I was recently in a classroom where grade 4 students were working on IXL.com as a means of practising and reviewing math skills. As I walked around the room, I observed that a number of students consistently only practiced numeracy skills where questions were numeric and didn’t involve word problems, and this got me thinking about why that was. Yes, in general, straight equations are easier to solve, but there must be something more to it. Upon speaking with students and delving further into the types of problems provided by IXL.com, I quickly realized why some students were shying away from attempting to solve them … it was due to the vocabulary used in the problems, and I am not talking math vocabulary, I am referring to vocabulary used in the context of the questions – chemical names such as phosphorous and sulfuric acid, country names such as Australia, etc. For students reading at or above grade level, these questions may not pose a problem; however, for students reading below grade level, it’s a completely different story.
The above highlights issues with IXL.com, but they are not the only company using vocabulary in their resources that students reading below grade level simply can’t decode and comprehend. In all fairness, some companies do offer differentiated/scaffolded resources for English Language Learners (ELL) students, but students reading below grade level are not quite in the same category, so they are often left to flounder in subject areas (other than Language Arts) where levelled reading material may not be provided. When it’s time for grading and report cards, these questions must be asked: Are those students falling below grade level in most or all subject areas because of their inability to read at grade level, and would their mastery of concepts be at grade level had the reading material and questions provided been accessible to them? Very possibly, yes.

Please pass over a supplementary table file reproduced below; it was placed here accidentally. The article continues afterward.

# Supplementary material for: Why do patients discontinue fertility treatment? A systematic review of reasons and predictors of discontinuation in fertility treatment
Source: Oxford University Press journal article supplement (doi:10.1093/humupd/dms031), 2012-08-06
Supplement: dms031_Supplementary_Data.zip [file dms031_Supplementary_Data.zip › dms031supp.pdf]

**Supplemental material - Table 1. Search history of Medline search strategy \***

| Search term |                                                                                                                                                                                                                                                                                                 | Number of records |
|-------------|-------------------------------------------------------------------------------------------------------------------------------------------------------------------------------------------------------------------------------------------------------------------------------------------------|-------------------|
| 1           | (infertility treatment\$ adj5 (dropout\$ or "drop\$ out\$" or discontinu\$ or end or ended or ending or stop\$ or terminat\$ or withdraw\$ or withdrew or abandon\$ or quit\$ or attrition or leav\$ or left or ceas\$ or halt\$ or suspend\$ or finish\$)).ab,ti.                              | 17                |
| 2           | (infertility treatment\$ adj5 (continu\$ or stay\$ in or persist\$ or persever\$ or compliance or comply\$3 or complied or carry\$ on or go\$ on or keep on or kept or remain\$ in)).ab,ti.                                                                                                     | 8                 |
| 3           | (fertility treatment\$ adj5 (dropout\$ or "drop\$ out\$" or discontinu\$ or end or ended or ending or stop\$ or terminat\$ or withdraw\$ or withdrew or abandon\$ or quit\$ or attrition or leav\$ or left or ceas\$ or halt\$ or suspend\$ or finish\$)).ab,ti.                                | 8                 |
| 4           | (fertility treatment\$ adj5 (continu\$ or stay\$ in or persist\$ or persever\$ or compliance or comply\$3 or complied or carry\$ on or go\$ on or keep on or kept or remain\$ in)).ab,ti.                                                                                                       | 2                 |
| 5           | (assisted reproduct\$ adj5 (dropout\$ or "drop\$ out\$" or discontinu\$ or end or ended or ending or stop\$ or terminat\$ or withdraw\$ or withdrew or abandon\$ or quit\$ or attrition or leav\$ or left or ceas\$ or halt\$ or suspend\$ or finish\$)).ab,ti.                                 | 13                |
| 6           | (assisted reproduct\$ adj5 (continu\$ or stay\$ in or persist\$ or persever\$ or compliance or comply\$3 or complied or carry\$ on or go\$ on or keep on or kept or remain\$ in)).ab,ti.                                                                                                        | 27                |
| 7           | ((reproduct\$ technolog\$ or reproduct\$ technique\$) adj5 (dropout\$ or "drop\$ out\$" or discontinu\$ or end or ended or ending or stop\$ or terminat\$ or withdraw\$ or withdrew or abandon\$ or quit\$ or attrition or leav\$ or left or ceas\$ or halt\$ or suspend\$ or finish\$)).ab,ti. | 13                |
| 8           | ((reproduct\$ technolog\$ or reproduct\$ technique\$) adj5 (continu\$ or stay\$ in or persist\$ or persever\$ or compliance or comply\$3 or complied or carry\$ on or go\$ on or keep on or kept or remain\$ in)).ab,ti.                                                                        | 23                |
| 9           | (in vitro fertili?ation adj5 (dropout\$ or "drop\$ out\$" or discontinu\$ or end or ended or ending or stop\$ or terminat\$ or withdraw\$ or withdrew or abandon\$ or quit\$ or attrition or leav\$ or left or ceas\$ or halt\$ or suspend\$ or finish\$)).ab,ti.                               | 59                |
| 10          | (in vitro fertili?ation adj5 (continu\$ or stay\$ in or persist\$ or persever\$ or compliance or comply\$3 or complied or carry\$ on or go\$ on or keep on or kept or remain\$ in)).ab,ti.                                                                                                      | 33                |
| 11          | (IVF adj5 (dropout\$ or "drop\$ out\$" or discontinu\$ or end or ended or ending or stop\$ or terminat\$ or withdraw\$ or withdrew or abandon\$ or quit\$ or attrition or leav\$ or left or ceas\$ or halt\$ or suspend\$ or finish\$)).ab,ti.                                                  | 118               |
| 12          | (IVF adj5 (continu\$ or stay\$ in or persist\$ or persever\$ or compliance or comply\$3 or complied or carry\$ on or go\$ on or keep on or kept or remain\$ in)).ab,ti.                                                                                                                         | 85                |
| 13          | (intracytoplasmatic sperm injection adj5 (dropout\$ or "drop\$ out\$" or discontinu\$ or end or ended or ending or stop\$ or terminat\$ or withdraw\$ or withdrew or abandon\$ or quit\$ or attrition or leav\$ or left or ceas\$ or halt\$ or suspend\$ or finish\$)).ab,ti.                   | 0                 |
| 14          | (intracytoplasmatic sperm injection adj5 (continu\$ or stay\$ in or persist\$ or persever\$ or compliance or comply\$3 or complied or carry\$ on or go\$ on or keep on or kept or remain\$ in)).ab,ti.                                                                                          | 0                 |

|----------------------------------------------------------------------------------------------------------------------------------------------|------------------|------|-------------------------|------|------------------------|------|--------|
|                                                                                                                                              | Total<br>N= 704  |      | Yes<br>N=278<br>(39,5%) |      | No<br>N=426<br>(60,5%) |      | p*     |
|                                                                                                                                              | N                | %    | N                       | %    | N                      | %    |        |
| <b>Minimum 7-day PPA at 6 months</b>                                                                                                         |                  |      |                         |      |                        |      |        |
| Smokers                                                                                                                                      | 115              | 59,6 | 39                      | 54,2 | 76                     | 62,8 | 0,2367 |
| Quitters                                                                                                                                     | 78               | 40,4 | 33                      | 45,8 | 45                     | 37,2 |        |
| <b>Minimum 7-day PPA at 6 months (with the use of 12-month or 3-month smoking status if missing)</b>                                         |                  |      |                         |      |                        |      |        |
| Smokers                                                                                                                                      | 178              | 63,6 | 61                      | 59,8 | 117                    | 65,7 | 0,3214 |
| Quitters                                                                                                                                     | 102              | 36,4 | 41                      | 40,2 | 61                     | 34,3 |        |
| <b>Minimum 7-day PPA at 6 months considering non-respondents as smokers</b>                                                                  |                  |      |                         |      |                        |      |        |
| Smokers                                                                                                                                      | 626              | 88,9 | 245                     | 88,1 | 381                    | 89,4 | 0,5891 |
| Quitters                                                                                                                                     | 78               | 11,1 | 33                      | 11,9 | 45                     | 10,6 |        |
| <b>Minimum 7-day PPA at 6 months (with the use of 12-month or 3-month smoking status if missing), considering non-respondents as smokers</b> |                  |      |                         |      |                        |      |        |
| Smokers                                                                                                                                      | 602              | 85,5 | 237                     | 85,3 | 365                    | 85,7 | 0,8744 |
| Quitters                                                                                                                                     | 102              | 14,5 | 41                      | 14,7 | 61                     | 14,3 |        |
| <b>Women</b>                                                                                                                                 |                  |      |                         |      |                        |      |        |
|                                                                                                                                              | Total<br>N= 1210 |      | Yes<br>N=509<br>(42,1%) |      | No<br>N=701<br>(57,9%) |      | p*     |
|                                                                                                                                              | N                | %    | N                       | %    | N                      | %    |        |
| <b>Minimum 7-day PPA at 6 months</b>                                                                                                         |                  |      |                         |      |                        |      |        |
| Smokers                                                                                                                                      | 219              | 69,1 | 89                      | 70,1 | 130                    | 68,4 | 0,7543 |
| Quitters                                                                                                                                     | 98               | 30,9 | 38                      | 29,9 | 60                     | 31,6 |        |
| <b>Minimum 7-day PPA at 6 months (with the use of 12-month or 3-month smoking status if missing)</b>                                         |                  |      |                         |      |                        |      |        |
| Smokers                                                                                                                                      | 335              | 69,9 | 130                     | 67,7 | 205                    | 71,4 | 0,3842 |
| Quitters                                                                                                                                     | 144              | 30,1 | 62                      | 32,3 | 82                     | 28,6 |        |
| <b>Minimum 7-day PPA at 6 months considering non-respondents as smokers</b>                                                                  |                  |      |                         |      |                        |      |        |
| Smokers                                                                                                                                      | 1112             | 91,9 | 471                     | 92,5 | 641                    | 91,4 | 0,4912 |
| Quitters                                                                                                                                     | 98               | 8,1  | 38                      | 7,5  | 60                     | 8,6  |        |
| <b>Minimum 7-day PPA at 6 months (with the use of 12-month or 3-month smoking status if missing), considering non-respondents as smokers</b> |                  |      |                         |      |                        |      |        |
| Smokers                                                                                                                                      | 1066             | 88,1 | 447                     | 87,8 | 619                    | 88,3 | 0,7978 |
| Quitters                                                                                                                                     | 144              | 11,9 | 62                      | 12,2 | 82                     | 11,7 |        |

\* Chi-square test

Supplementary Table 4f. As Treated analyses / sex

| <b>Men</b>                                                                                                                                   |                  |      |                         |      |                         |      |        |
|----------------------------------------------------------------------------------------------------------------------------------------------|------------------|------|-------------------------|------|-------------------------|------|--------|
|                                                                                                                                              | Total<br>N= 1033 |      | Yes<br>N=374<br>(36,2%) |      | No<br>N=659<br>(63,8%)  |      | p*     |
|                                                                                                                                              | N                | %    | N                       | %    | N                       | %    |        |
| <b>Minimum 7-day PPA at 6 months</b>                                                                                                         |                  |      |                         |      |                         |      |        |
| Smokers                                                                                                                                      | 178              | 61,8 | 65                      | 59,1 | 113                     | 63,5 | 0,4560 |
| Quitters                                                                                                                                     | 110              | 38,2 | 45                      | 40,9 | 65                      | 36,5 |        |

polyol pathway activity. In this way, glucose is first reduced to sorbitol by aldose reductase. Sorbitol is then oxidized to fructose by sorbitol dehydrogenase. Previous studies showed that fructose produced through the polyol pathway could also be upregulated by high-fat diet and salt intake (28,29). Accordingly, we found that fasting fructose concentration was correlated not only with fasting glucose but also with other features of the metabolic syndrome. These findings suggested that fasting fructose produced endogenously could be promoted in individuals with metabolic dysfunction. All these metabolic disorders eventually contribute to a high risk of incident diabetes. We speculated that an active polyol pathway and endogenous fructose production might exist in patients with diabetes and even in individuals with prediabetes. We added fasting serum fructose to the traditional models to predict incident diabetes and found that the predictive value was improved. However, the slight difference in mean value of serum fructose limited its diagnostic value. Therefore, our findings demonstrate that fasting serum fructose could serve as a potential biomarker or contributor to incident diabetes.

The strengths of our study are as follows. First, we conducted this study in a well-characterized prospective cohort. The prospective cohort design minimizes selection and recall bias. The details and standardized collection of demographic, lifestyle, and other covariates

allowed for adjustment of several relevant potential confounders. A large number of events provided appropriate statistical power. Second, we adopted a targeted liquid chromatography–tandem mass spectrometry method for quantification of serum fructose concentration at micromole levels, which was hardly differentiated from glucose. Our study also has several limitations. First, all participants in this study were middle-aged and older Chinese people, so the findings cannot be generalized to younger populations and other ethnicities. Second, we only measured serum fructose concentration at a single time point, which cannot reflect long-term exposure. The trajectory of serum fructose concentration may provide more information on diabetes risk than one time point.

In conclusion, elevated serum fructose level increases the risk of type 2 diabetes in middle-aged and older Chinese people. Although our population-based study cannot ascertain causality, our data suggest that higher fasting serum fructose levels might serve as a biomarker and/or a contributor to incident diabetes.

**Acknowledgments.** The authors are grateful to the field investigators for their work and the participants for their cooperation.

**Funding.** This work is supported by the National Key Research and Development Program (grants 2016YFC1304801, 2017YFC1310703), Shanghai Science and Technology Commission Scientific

At the moment, the only solution available to teachers would be to rewrite texts and questions themselves in order to provide necessary differentiated and/or scaffolded resources for learners in their classrooms – which theoretically speaking is an ideal solution, but practically speaking, teachers simply don’t have the time to rewrite and reword texts and questions in all subject areas. And so perhaps the responsibility should fall on the companies providing the resources to offer leveled texts and questions in subject areas they are providing materials for so that students can be evaluated fairly on what they know and understand vs what they are able to read and comprehend. Perhaps there are companies that have already taken that step, in which case, should this not simply become standard practice across the board?
Are you a teacher struggling to provide differentiated and/or scaffolded resources in your classroom? How have you been solving the issue? Alternatively, if you have found ready-made resources, where did you find them? We welcome your thoughts and insights!